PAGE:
I recently met the artist, Deanne Fitzpatrick through a mentoring group for creative business owners (The Creative Exponent Mentoring Group). We all meet through zoom regularly, it is an added bonus to see a bit of all the creative business owners homes in the background of their zoom squares. Deanne made an impact right away because she was sitting in a room that looked like it was in an attic with angles and white walls and she was surrounded with colorful yarn. She was organizing some yarn in preparation for her next project while engaging with us. It was apparent that her yarn was an extension of who she was. When she contacted me a couple months later and asked if she could send me one of her rug hooking kits, it was an immediate “yes.” I wanted to work with the beautiful yarn that I saw on the zoom call. It would be something new, but not completely different than working with fabrics. Maybe.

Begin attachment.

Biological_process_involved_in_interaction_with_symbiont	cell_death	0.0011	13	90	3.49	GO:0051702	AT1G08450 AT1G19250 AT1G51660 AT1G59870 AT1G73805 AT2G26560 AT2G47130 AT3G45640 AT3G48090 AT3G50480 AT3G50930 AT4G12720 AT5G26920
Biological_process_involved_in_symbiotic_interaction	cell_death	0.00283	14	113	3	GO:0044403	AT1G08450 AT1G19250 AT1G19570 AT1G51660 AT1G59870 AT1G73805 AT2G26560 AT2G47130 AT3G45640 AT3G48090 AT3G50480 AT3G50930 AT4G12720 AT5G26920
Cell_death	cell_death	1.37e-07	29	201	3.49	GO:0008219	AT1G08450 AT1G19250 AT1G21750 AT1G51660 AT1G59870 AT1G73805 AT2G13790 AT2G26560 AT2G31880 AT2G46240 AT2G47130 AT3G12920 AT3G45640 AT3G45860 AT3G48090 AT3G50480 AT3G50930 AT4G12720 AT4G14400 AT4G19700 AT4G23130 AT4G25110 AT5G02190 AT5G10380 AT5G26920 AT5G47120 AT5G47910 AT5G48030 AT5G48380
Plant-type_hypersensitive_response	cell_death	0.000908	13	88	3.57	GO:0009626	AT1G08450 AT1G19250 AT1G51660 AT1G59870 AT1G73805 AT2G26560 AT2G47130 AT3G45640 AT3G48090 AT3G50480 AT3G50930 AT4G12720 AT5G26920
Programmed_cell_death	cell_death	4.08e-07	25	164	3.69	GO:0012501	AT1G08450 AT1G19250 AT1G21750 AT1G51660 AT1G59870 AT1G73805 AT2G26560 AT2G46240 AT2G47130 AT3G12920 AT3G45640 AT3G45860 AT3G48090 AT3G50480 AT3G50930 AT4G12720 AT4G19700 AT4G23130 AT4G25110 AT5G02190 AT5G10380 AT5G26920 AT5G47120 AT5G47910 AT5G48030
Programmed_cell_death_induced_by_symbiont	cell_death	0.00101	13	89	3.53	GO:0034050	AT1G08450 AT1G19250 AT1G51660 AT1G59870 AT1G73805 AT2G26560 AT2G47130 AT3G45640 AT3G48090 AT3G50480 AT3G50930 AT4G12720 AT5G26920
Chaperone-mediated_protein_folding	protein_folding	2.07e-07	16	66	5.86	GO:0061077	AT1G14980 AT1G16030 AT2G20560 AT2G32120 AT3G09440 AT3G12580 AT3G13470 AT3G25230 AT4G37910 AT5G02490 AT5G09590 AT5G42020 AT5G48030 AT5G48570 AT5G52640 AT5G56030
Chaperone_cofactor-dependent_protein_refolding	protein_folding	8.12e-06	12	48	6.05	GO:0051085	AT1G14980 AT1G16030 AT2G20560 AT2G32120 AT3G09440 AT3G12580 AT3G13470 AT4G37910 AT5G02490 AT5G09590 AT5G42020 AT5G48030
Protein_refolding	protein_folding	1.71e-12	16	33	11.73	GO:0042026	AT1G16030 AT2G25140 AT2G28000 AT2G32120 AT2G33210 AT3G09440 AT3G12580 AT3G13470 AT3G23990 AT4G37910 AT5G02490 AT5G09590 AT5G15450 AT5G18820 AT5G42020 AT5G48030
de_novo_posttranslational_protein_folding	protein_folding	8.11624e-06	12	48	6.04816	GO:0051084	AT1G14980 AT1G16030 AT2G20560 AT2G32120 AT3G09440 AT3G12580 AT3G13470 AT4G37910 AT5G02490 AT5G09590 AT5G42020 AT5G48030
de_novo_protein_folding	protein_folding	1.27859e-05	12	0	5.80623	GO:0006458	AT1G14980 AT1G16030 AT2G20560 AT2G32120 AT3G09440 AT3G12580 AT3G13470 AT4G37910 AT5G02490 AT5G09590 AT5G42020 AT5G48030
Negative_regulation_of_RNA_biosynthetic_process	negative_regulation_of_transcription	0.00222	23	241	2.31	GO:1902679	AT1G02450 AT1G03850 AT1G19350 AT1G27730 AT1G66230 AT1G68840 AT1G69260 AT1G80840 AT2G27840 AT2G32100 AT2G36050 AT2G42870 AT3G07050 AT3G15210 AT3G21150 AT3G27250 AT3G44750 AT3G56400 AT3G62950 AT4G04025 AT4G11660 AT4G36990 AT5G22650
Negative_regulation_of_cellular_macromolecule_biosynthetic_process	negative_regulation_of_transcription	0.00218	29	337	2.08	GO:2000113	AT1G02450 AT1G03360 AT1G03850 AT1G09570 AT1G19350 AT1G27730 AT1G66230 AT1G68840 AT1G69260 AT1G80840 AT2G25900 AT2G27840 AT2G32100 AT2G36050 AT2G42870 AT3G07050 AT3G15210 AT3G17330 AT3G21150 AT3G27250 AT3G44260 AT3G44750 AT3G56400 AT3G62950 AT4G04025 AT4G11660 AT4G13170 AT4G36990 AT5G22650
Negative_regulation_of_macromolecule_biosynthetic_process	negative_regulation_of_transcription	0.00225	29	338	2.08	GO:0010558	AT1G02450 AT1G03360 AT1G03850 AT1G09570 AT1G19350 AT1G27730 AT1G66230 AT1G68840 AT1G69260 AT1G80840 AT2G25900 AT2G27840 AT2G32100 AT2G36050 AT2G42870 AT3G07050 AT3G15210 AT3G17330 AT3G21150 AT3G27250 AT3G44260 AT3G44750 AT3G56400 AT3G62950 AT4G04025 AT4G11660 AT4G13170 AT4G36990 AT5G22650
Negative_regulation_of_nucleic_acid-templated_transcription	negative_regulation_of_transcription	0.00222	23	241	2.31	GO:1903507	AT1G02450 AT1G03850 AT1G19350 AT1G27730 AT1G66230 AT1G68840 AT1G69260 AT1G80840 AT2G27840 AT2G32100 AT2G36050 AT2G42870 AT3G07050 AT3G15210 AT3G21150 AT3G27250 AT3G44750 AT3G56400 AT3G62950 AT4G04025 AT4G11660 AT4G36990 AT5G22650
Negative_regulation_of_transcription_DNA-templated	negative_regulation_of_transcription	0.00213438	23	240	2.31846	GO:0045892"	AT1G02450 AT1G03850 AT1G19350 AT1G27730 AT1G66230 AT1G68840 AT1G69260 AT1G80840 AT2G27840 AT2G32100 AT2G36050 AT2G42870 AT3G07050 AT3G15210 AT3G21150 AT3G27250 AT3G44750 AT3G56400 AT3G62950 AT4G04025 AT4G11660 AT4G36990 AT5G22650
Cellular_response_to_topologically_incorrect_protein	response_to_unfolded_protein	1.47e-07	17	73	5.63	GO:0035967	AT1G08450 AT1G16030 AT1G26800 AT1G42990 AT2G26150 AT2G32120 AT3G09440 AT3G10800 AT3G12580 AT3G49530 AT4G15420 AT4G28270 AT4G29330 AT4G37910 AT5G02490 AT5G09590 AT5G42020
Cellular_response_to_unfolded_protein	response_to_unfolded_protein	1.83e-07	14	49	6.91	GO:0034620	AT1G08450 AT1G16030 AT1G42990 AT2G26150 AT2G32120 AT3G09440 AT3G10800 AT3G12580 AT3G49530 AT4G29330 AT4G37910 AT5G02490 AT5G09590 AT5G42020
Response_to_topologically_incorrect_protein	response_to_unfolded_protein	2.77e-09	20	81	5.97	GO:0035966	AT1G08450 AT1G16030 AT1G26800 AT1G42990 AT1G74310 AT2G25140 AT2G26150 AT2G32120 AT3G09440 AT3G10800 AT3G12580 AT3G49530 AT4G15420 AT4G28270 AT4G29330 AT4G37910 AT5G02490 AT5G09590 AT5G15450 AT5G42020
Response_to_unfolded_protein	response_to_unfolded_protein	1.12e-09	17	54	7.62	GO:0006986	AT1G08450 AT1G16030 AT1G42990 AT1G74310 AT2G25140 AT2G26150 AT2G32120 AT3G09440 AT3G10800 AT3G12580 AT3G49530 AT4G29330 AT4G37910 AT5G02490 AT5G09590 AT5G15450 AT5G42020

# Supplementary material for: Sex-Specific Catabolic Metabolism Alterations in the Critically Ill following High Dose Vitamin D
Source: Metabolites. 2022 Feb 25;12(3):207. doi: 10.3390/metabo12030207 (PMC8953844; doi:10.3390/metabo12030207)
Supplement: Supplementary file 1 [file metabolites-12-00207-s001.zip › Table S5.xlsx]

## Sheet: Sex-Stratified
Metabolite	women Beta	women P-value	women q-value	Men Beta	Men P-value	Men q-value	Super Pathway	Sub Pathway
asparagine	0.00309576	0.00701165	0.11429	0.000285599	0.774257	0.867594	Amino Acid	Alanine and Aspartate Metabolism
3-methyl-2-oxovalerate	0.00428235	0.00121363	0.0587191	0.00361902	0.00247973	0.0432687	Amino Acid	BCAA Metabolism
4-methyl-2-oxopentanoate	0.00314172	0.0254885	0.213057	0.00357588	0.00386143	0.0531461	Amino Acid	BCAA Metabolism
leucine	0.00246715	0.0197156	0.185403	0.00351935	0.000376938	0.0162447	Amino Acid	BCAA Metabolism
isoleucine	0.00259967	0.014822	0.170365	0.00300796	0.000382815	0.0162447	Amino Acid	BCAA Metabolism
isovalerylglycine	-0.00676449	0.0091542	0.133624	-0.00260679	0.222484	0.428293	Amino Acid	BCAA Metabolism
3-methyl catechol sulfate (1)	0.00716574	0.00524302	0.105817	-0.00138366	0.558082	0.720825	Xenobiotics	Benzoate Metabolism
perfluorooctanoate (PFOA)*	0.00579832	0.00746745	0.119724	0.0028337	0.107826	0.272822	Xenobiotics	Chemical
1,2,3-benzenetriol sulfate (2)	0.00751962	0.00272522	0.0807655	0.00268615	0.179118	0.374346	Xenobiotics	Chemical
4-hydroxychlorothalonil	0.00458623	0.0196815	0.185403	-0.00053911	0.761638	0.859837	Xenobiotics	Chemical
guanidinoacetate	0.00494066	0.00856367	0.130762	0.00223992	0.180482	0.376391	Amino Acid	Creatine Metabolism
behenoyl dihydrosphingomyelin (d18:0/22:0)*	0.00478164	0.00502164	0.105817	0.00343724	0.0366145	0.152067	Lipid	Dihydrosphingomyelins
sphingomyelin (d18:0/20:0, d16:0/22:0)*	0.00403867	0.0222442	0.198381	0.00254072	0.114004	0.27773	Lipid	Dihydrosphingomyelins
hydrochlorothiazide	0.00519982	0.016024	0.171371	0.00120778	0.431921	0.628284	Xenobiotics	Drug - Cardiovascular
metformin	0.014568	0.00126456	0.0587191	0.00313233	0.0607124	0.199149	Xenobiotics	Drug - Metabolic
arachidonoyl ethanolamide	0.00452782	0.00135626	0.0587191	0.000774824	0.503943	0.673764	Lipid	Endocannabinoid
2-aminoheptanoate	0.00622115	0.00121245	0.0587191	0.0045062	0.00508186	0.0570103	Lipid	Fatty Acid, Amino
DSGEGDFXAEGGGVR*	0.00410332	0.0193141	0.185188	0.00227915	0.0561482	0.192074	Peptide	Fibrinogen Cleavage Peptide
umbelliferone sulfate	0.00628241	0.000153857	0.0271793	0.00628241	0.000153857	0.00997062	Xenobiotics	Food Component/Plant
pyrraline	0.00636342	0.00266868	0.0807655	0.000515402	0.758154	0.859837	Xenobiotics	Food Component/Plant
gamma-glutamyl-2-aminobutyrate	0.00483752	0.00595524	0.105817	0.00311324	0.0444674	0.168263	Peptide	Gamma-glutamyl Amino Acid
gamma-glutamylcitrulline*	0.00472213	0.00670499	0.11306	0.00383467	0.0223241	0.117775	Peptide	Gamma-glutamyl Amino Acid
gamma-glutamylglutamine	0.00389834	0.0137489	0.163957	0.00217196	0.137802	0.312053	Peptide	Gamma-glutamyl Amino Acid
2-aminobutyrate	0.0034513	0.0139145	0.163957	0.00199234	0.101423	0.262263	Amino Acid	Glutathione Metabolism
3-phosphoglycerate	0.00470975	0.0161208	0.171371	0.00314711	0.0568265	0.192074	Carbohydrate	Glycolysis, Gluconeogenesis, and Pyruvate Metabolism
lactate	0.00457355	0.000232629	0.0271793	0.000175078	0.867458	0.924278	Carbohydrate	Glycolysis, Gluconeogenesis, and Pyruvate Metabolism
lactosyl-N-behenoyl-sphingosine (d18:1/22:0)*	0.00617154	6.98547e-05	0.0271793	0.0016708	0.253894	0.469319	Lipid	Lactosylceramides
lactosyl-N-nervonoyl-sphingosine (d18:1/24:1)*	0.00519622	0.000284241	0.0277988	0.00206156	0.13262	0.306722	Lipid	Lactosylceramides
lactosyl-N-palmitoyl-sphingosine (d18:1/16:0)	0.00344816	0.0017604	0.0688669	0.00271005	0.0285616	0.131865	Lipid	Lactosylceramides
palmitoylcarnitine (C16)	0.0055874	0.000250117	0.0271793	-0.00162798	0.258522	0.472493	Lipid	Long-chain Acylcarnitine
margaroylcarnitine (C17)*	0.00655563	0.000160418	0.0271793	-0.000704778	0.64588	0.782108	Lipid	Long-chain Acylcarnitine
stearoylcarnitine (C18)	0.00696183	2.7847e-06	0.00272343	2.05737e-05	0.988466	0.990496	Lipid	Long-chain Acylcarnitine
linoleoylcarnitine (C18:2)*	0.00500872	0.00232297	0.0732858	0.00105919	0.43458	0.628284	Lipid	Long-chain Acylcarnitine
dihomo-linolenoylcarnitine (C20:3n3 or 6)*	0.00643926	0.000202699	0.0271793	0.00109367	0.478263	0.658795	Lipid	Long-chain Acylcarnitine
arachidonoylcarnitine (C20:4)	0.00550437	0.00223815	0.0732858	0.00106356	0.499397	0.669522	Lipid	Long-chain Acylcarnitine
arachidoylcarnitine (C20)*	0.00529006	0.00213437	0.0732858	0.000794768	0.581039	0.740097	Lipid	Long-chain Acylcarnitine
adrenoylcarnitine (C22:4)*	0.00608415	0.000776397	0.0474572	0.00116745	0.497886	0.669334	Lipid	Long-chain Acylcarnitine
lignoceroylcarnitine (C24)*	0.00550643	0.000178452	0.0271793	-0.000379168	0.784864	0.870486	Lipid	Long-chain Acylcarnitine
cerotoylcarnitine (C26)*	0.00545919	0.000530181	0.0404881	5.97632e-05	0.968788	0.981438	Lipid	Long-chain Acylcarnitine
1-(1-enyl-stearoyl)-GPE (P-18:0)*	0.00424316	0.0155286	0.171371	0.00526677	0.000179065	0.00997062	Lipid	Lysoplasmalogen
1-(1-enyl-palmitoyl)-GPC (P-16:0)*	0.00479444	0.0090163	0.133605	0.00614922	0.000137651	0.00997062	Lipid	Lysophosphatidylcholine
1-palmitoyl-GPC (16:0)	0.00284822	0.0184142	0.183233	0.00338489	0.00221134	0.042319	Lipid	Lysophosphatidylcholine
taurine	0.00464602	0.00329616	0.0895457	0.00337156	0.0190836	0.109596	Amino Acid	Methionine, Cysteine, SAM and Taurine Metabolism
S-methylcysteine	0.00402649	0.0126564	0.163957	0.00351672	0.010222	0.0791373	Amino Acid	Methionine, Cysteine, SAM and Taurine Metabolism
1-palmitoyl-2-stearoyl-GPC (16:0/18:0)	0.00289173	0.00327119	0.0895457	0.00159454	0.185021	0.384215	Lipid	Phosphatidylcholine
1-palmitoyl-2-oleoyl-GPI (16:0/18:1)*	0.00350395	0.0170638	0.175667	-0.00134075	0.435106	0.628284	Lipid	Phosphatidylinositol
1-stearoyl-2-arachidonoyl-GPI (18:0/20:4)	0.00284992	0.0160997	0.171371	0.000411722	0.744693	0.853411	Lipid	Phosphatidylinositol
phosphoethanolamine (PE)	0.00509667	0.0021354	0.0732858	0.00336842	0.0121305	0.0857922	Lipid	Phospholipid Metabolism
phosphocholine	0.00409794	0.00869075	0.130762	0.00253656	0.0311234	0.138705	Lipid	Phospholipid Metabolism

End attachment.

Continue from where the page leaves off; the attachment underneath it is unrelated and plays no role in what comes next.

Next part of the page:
She sent me a kit to hook a small abstract rug with neutral colors. Just my thing. I am not sure if she researched me or not, but she nailed it with her choice for me.
Included in the package were two of her books she had written. Both approriately titled, one being “Making a Life,” and the second being “Inspired Rug Hooking.” I am not sure what I expected with the books, probably more of them being in tutorial form as to how to rug hook. Although there are some pointers the books are much more about how Deanne lives her life as an artist. When I opened the the book “Making a Life,” I was so inspired artistically and personally. She speaks about how rug hooking is s part of her, and in turn how she learns about herself through the creative process of rug hooking. I loved reading about this in her words. I can relate to some of these feelings that she experiences when creating to what I feel when working with my fabrics. There are pure moments that happen that make me feel like I understand myself the best when I am creating. This is almost never about the final product but about the process. I found inspiration for my artisitic self, but I believe that her words carry over into all aspects of life. She writes of “creating beauty everyday.”